At an artificial intelligence conference in New York City last week, Professor Alexi Samsonovich from the Moscow-based National Research Nuclear University (MEPhl) Cybernetics Department told Sputnik News, “We are on the verge of a major breakthrough” in AI.
In the past six months, we’ve seen AI master the board game Go, write a short film script, and infiltrate Snapchat filters. Each of these achievements is impressive in its own right. Together, they show just how quickly AI is advancing. But what was this breakthrough Samsonovich hinted at in NYC? Digital Trends reached out to him to find out.
In the last half-century, since the notion of AI was officially coined, the term has created some buzz but has not fulfilled the hype, according to Samsonovich. “A major breakthrough was expected to happen from year to year, but it did not,” he told Digital Trends. “As a result, the idea was discredited. There are reasons to think that now we are really close to the breakthrough, as never before. And as an indirect evidence, the last few years showed rapid exponential progress in AI research, in terms of the number of publications as well as the money invested by governments and companies.”
With this increased interest and investment comes significant progress, including an advance that Samsonovich thinks will allow machines to feel. “Primarily this entails demonstrating that a machine [is] capable of feeling human emotions and exhibiting human-level socially emotional intelligence in a variety of settings,” he said.
Samsonovich is quick to insist that this doesn’t necessarily involve consciousness. In fact, he thinks consciousness is impossible to ever validate in another subject other than oneself, and thus it’s too vague to be a reliable marker.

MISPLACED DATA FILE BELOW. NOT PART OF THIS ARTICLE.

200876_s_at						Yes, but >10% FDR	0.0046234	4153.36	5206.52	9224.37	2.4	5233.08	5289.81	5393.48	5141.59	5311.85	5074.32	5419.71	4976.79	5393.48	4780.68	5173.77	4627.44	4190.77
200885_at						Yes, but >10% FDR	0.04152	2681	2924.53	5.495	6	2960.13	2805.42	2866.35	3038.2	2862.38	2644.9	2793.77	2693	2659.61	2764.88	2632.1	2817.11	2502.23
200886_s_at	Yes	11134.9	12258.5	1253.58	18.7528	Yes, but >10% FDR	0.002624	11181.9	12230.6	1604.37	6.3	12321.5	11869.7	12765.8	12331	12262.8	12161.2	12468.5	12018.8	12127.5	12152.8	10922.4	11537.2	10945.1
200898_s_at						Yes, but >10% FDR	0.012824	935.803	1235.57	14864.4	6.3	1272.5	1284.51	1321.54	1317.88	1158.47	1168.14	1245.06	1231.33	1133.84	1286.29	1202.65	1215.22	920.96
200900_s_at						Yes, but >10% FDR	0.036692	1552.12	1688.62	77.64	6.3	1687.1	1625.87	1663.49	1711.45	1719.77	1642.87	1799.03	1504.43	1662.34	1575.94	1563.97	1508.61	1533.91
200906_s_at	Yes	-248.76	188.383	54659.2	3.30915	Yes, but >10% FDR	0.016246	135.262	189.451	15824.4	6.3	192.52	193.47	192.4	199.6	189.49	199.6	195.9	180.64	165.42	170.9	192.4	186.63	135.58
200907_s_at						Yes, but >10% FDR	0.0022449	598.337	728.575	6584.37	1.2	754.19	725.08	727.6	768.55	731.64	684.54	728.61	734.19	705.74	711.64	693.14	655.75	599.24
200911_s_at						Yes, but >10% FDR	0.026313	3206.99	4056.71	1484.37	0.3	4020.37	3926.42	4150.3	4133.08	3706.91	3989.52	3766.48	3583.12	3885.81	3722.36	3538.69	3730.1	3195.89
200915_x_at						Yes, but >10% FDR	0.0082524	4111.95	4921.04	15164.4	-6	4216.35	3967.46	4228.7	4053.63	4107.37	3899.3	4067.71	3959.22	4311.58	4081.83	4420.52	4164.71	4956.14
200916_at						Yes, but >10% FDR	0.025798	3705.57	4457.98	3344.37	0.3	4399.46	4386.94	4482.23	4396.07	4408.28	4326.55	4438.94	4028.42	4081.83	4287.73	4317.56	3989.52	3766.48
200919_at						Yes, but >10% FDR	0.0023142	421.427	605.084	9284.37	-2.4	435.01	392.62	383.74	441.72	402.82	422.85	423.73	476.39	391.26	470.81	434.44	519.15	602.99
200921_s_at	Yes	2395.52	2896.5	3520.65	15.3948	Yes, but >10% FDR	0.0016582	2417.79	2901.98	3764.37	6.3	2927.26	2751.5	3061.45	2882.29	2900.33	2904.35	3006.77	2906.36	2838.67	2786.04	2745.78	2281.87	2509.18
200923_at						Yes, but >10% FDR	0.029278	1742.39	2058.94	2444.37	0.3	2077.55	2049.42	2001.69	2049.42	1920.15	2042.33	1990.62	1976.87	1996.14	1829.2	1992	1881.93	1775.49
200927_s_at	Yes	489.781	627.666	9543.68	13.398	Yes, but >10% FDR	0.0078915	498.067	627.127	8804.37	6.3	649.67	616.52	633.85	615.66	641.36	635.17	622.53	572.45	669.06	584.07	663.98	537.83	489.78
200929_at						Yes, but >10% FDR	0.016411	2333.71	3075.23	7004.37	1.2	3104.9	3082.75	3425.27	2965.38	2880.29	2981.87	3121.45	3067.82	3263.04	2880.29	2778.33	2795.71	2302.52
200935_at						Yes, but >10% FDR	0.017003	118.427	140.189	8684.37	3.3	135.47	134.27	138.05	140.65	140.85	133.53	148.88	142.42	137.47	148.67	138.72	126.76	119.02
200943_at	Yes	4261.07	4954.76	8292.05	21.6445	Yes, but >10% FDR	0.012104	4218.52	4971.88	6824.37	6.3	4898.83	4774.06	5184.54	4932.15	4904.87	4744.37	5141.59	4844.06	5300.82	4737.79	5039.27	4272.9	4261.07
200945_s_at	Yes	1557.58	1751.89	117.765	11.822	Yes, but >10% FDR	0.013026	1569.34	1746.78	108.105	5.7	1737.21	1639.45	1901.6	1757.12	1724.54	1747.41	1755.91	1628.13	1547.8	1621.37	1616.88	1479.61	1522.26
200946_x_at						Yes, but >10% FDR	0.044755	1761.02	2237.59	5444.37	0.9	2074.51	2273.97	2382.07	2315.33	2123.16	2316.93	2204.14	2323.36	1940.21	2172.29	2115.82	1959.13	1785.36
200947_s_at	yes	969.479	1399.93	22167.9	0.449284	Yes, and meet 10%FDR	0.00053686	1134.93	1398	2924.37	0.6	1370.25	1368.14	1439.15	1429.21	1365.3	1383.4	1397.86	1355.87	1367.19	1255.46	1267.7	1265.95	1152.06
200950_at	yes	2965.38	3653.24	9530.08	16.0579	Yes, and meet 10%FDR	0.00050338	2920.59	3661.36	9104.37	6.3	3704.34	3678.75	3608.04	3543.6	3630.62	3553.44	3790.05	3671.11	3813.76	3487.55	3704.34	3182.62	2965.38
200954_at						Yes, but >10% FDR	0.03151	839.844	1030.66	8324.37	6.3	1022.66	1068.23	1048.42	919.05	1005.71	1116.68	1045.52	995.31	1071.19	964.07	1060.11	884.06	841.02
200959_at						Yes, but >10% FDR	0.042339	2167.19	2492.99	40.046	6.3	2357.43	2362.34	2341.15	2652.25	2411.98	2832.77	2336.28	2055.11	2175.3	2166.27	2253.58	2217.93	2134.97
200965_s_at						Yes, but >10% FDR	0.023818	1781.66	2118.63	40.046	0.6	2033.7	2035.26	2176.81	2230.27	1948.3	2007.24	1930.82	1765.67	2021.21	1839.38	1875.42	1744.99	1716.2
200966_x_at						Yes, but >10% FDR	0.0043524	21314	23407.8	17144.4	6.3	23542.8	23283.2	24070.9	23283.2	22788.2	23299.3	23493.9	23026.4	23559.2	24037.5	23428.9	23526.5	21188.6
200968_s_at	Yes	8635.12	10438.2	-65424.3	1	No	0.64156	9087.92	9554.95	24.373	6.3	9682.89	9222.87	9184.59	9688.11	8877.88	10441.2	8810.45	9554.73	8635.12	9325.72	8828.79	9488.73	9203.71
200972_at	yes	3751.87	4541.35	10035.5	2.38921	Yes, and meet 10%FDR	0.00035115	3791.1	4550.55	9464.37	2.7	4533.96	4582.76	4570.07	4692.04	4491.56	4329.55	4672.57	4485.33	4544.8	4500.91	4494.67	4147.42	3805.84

“What I am talking about here is limited to behavior, internal organization of the system and its internal dynamics, like neurophysiology or running software,” he said. “Today we can build a machine that behaves as if it had human-like feelings. When you will see this kind of behavior exhibited consistently over time in many circumstances and without occasional ‘presence breaks’ … you will believe that this entity is alive and is in a social contact with you, and you will interact with it accordingly.”
These emotionally intelligent machines are emerging right now and will be a reality within the next few years, according to Samsonovich, who presented his idea for a kind of Turing test for emotional intelligence at the conference last week. Over the next 18 months, Samsonovich and his team hope to develop Virtual Actor, an AI capable of creating goals, making plans, and building social relationships with people.
But before that happens, we’ll need to change the way we — as humans — think.
“Today’s obstacles are mainly limited to psychological barriers,” he said. “We already have the necessary hardware and most of the necessary theoretical foundations. Still, people tend to think within the limits of popular paradigms, or not to think at all — just do what everybody else does or says.
“People also hesitate to take risks,” Samsonovich continued. “Given that nearly all research in AI today is motivated financially, it is hard for most of us to take seriously an idea of a bold commitment leading outside of the road, based on a long-term expectation. Fortunately, now we do not need to wait for too long.”
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